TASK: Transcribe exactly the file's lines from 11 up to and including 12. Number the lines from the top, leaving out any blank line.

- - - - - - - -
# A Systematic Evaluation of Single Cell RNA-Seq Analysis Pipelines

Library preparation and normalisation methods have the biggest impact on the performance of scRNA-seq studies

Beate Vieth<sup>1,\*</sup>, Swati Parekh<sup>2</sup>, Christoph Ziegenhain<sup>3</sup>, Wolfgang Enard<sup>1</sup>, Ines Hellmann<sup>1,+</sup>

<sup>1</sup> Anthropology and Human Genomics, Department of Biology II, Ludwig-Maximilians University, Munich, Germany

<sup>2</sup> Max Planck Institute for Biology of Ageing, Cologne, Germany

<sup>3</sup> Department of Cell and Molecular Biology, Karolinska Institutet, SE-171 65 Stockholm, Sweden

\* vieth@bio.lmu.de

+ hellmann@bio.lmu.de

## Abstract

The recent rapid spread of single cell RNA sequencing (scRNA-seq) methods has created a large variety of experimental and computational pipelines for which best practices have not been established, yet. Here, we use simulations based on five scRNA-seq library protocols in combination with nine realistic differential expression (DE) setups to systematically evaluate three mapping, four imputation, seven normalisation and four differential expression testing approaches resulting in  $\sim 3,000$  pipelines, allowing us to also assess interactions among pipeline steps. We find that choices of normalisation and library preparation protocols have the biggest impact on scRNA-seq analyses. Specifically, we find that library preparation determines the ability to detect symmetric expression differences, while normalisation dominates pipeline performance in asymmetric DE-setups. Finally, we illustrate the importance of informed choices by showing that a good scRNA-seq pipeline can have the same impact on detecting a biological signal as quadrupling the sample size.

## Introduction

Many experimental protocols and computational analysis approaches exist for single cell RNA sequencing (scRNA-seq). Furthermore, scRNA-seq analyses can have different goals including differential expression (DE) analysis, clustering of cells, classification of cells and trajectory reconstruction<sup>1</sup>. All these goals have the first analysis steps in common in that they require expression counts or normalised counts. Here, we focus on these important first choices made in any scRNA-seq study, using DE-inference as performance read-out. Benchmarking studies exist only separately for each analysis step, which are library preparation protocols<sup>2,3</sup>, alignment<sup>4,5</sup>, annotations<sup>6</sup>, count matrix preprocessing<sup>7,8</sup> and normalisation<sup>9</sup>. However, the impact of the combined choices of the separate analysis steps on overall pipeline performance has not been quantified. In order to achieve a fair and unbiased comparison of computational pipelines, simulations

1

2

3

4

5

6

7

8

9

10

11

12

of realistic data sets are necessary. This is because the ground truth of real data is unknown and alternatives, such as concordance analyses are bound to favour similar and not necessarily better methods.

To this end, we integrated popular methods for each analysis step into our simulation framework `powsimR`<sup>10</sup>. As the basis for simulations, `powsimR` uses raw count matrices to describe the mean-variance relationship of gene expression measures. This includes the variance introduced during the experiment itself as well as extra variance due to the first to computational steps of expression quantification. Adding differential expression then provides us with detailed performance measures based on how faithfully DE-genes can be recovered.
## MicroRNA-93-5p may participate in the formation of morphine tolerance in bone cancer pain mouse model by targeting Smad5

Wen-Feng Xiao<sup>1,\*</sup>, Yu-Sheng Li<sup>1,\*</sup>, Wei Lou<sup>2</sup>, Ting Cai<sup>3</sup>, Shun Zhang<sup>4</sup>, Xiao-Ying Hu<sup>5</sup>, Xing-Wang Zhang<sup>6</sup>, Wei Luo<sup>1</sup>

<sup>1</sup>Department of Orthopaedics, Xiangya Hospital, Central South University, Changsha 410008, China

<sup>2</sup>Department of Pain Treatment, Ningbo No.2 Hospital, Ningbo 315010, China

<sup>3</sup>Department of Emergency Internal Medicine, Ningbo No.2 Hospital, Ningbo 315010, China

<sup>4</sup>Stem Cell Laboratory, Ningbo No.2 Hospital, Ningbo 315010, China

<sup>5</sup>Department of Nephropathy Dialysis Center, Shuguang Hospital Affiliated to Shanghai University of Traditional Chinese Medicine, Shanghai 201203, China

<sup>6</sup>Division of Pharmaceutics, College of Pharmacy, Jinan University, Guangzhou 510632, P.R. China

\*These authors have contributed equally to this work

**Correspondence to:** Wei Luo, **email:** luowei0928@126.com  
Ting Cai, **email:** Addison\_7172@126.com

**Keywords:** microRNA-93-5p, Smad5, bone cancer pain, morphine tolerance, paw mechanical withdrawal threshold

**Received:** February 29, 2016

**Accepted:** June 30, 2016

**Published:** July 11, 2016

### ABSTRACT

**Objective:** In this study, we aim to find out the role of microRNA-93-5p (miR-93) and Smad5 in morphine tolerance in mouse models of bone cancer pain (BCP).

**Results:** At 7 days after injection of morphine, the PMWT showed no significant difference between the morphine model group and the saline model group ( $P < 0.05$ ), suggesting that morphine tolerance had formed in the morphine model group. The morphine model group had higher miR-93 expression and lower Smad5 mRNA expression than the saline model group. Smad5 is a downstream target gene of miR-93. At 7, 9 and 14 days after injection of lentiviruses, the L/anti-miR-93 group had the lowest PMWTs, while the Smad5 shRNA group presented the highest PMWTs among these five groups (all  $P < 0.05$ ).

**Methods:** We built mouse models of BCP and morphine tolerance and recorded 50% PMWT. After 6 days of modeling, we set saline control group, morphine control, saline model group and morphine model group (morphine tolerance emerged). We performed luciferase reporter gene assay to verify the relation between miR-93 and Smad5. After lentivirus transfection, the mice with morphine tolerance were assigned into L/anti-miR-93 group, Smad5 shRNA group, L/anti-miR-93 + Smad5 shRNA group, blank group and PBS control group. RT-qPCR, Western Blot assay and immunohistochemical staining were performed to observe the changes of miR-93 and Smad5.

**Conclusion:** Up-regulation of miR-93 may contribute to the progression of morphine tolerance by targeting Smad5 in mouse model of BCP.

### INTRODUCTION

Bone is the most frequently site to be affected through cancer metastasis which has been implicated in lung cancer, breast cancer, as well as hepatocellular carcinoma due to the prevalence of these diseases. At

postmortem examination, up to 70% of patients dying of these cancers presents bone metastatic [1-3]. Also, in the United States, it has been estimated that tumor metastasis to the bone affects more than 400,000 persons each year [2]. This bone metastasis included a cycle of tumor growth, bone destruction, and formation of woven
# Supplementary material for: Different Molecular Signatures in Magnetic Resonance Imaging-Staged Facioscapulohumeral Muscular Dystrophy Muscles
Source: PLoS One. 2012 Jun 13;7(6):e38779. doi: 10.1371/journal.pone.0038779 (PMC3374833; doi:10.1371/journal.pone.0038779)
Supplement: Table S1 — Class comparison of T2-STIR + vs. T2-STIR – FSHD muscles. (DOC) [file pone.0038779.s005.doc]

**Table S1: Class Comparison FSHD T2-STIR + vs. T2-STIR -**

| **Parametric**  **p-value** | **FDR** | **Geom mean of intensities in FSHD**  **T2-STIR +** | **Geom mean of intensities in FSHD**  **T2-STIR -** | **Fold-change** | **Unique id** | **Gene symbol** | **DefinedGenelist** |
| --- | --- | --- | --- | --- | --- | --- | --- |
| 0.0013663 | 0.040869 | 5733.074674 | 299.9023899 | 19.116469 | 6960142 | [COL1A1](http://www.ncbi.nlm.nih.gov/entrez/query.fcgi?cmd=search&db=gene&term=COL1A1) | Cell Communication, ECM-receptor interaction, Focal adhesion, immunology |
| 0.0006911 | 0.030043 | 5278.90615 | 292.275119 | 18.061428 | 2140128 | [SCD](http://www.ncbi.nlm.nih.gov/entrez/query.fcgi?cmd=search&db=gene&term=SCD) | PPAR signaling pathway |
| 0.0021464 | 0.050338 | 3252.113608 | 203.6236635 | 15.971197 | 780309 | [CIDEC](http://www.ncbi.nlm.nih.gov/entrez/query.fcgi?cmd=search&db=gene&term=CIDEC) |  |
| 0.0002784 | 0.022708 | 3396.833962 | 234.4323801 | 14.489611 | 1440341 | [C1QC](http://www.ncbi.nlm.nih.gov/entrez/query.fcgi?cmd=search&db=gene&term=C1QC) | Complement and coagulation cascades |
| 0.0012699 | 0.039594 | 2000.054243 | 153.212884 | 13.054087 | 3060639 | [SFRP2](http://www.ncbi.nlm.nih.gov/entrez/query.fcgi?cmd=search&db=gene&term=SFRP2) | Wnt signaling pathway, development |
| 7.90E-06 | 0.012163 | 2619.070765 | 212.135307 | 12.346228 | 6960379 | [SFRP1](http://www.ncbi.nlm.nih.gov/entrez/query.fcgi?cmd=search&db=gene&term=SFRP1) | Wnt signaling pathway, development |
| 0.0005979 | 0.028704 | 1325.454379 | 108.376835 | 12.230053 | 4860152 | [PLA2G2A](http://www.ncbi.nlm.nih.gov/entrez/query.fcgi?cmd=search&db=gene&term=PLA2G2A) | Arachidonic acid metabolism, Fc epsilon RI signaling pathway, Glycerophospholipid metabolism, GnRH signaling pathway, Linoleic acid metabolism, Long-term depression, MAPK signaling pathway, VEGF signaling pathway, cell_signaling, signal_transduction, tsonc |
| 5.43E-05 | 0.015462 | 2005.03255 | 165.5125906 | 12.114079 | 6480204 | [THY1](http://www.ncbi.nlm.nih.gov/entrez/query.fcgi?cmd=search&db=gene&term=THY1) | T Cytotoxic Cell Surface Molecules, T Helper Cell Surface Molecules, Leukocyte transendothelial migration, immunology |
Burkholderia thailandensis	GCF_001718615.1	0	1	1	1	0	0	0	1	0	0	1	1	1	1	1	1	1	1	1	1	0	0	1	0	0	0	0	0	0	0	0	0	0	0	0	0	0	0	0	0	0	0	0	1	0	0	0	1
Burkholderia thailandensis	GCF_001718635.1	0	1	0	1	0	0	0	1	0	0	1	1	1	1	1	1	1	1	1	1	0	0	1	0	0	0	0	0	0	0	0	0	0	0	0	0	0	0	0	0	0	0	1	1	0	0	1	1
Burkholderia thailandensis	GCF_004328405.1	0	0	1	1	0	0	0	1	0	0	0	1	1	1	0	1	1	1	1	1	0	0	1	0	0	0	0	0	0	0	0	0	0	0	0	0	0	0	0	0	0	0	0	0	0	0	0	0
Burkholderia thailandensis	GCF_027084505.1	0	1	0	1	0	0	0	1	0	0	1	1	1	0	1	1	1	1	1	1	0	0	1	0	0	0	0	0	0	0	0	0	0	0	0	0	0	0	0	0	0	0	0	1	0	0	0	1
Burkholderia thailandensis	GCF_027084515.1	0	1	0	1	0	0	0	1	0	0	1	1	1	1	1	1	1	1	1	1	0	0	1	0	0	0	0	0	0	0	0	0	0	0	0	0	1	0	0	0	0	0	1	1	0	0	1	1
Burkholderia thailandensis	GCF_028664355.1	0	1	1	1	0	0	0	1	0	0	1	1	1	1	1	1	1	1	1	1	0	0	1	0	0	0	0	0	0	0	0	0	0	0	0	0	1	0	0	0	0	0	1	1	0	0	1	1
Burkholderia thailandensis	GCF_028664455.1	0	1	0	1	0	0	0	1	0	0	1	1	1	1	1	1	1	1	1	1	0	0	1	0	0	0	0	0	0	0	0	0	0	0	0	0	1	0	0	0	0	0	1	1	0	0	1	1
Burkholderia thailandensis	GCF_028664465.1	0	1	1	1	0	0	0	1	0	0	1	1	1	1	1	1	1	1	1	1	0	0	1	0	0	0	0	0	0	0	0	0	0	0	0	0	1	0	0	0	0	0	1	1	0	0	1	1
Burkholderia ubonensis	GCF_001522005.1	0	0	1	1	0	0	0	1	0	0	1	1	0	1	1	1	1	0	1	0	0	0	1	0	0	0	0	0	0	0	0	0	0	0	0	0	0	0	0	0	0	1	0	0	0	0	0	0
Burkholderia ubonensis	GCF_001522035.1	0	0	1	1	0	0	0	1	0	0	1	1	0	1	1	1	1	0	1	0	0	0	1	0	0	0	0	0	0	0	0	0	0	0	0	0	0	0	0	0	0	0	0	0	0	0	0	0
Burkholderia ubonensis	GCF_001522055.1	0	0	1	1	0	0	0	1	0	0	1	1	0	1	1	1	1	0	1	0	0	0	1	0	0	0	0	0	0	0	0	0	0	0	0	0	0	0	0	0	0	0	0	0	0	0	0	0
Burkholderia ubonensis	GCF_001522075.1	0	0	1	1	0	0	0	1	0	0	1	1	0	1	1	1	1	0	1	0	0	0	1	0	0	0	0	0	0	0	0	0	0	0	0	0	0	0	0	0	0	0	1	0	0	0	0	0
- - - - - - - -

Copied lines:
## Introduction

Many experimental protocols and computational analysis approaches exist for single cell RNA sequencing (scRNA-seq). Furthermore, scRNA-seq analyses can have different goals including differential expression (DE) analysis, clustering of cells, classification of cells and trajectory reconstruction<sup>1</sup>. All these goals have the first analysis steps in common in that they require expression counts or normalised counts. Here, we focus on these important first choices made in any scRNA-seq study, using DE-inference as performance read-out. Benchmarking studies exist only separately for each analysis step, which are library preparation protocols<sup>2,3</sup>, alignment<sup>4,5</sup>, annotations<sup>6</sup>, count matrix preprocessing<sup>7,8</sup> and normalisation<sup>9</sup>. However, the impact of the combined choices of the separate analysis steps on overall pipeline performance has not been quantified. In order to achieve a fair and unbiased comparison of computational pipelines, simulations